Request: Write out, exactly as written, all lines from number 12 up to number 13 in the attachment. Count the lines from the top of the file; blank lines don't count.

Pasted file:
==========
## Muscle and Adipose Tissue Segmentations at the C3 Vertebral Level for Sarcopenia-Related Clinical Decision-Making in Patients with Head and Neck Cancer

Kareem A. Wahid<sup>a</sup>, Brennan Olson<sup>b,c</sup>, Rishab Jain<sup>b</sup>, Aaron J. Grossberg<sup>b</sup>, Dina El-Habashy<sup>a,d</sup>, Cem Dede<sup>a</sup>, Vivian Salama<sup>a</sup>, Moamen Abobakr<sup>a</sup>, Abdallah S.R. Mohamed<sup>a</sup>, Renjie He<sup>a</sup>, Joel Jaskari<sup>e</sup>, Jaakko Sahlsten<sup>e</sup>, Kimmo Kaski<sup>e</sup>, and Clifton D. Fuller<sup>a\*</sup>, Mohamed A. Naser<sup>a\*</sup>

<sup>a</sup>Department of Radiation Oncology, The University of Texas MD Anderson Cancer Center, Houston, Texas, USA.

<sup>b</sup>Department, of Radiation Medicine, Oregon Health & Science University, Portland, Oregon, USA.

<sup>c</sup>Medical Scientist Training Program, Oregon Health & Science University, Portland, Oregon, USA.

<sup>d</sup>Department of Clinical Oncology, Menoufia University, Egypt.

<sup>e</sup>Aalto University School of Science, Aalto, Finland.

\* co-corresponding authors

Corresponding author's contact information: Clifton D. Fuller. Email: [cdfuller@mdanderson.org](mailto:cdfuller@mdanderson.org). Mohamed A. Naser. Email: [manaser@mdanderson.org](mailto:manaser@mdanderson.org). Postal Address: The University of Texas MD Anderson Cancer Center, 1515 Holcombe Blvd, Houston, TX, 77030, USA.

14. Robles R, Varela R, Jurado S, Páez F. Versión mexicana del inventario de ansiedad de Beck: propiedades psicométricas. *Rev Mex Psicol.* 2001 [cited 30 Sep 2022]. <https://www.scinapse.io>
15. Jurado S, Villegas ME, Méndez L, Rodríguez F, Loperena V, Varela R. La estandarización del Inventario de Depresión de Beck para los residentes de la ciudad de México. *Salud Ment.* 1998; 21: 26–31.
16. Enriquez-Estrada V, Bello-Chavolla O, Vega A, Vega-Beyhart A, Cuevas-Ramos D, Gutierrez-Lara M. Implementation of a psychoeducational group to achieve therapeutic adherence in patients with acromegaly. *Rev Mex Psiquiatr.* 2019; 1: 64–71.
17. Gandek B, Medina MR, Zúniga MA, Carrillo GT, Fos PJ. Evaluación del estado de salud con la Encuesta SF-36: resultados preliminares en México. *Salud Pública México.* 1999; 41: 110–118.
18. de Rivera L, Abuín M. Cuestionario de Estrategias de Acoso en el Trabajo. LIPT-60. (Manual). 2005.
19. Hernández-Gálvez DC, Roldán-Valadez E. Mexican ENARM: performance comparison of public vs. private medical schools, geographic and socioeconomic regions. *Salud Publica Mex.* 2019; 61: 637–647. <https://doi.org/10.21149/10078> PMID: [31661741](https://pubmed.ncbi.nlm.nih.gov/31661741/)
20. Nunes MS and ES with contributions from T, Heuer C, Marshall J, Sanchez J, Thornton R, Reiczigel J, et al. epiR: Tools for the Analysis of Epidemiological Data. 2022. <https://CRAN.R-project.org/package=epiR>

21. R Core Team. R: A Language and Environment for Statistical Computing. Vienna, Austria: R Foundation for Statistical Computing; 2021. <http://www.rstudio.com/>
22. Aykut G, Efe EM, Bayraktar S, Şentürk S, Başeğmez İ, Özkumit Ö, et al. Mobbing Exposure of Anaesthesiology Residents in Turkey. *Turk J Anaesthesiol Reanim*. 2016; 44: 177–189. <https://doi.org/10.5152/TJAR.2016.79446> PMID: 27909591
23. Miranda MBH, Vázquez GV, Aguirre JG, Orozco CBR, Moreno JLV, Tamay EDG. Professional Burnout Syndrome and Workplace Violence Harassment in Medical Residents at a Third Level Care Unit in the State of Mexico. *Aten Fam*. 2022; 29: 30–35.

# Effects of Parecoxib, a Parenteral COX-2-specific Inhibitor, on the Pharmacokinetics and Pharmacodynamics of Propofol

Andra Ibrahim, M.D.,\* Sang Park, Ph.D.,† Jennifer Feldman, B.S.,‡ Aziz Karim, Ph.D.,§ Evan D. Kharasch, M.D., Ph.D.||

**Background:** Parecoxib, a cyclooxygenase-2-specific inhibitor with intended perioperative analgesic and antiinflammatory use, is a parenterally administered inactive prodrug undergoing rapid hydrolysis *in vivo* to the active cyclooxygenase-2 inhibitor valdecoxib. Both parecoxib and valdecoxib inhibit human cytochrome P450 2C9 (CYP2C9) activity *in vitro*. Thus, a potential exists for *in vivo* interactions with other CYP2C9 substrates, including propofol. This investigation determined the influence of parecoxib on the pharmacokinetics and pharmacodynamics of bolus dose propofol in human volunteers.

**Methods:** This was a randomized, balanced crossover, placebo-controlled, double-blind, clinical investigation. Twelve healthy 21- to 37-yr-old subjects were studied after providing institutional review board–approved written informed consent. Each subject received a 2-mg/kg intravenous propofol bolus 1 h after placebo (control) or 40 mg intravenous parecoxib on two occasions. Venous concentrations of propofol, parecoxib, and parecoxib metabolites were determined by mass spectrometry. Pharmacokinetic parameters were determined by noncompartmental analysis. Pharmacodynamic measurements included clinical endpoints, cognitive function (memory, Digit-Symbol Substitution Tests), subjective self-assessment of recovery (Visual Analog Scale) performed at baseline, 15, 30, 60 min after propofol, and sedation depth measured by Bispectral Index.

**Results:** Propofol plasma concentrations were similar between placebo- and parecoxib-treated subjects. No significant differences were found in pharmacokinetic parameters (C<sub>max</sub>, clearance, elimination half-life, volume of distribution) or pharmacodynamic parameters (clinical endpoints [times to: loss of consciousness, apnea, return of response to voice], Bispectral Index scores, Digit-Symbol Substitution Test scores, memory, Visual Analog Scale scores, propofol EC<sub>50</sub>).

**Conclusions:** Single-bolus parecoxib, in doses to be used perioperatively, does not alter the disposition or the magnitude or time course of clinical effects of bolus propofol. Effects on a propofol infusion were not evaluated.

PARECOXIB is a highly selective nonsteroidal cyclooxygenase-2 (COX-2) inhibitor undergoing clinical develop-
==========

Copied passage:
16. Enriquez-Estrada V, Bello-Chavolla O, Vega A, Vega-Beyhart A, Cuevas-Ramos D, Gutierrez-Lara M. Implementation of a psychoeducational group to achieve therapeutic adherence in patients with acromegaly. *Rev Mex Psiquiatr.* 2019; 1: 64–71.
17. Gandek B, Medina MR, Zúniga MA, Carrillo GT, Fos PJ. Evaluación del estado de salud con la Encuesta SF-36: resultados preliminares en México. *Salud Pública México.* 1999; 41: 110–118.